So you think you want to be a lawyer?

Hello future lawyers !

To those of you new to this blog please check out the “About” page.

Before reading the many articles I will write on how to become a lawyer, from law school to practice, it is necessary to determine if this is an appropriate path for you!

Things you’ll need to know:
  1. It will not be easy
  2. It will cost you, time and money
  3. It will strain your current relationships
  4. BUT, if it is right for you, it will be the best time of your life

The personalities that law school used to attract were very homogeneous. Strictly Type-A straight white male candidates. If that sounds like you, you’re likely still fine to apply, get in, and succeed. For those of us who do not fit into that box, law schools have been consistently changing to increase access to justice by recruiting a diversity of students. Look at the diversity policies of the different law schools if you think that is something you want to address in your entrance essay. You still need to be very hard working. You still need critical thinking skills. Type-A personalities do tend to thrive. But success is achievable in the legal profession for anyone who is willing to put in the effort. I truly believe that.


Law school is a 3 year degree for most people pursuing a JD. Exceptions apply for dual degree programs. After you gradate you spend approximately 10 months Articling (the pathway to obtain the required experiential training in order to be licensed to practice law in Ontario). Then you are required to write the provincial bar exam to be called to the bar and eligible to practice law.


Law school will very likely cost you between 30,000 and 40,000 per academic year. This is no small amount. Each school will likely have a financial office, bursaries, scholarships, and online budgeting tool. To see a sample budget for Osgoode Hall Law School click here. The Oxford Seminars website has a chart which is useful for a brief comparison of the Ontario law schools and their respective tuition costs.

  • *Some Law Schools are much cheaper than others
  • ** Law schools have different costs for in-province and out of province applicants.
  • *** Law schools have different costs for dual degrees.
  • **** Law schools have different costs for textbooks and often there is a chance to buy used books and save on those costs.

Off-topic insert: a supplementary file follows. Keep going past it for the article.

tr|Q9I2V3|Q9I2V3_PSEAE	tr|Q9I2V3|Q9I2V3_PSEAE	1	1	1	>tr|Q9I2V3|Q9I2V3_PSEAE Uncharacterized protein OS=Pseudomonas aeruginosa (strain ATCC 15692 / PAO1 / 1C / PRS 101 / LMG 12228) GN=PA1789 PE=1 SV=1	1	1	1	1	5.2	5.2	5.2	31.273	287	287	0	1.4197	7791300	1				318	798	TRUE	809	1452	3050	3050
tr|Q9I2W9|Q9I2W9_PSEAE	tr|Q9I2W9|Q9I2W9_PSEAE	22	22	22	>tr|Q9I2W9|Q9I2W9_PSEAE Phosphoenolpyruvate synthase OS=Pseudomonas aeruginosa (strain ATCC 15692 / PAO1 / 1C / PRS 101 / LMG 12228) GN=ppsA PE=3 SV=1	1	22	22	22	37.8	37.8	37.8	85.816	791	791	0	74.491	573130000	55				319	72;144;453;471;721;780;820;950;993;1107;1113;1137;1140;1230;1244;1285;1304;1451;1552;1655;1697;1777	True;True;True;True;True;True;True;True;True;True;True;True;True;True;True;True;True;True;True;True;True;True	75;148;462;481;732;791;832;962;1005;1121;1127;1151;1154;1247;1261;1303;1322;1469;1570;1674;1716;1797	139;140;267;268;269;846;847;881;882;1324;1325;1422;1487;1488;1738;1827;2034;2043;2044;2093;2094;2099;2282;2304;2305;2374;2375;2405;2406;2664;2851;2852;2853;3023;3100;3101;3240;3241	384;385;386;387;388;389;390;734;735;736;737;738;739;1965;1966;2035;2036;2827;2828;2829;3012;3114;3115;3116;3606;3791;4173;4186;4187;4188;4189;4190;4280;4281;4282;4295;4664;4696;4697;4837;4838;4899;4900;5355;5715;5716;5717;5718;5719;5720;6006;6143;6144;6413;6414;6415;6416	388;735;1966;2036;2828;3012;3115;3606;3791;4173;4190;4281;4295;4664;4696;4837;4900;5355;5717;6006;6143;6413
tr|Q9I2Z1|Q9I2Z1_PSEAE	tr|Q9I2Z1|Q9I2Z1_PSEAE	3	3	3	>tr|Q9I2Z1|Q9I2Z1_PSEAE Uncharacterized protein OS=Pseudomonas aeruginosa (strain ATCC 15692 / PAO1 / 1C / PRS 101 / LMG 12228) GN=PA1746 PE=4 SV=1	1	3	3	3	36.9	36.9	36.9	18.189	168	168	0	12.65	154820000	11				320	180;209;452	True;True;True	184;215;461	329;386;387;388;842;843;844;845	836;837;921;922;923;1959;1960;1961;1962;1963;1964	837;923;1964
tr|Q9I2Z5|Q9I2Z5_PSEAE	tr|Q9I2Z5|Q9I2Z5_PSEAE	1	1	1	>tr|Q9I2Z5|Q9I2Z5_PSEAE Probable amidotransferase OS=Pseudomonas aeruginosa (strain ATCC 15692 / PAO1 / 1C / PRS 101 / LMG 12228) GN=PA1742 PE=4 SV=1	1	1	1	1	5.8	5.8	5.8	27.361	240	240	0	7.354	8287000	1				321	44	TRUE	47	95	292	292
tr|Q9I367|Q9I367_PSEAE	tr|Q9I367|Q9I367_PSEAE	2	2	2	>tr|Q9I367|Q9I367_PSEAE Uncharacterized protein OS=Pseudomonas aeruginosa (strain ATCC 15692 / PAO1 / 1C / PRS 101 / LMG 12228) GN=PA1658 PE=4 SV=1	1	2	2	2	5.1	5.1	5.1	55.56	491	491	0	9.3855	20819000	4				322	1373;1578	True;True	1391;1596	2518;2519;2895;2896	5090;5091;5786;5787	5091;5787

I would recommend using the OSAP estimation tool, and contacting your banking institution to find out about a Professional Student Line of Credit. The money does exist to get you through the degree but you need to be willing to incur the debt.


Law school is very time consuming. Much more so than other degrees. Usually you move for school as most people don’t currently live close to a law school. Often this means living on residence, again. These strains, plus the financial strain, can have a lasting impact on your relationships. Please know it is 100% possible to have lasting romantic relationships, lasting friendships, and spend time with your family. However, it will require setting real limits on your school involvement, excellent time management skills, and you will have to put that on pause during examinations.


Professor Alan Hutchinson of Osgoode Hall Law School wrote a guide to law school book in which he recommends having a conversation with the important people in your life about law school before you start.  I followed this advice and was taught at Osgoode by the man himself, it is solid advice. Let your loved ones know you will be very busy, you will be stressed, you may not always be acing like yourself, but you need their love and support nonetheless.

Right and Wrong Reasons

There are right and wrong reasons to go to law school. Please read and consider them here.

Law School v Practice

While I am not yet a lawyer there is one important note I should make about the differences between law school and practice. If you want to attend law school you may not want to practice. If you want to practice you must attend law school. Understand the career paths available to you after law school and evaluate if they are worth the costs associated.

Final Note:

For those of you who are not deterred by the above information, congratulations, you are likely determined enough to begin your journey to becoming a lawyer.

The next step for you is to read one of the following articles:

  1. If you’re currently in High School
  2. If you’re currently in University 
  3. Overview of your Application 
Thanks for reading!

Disclaimer: Nothing I write should be taken as legal advice, I am writing my opinion backed by my own research. In fact, double check everything you read. It is good practice to develop critical thinking skills and be skeptical of information you receive.


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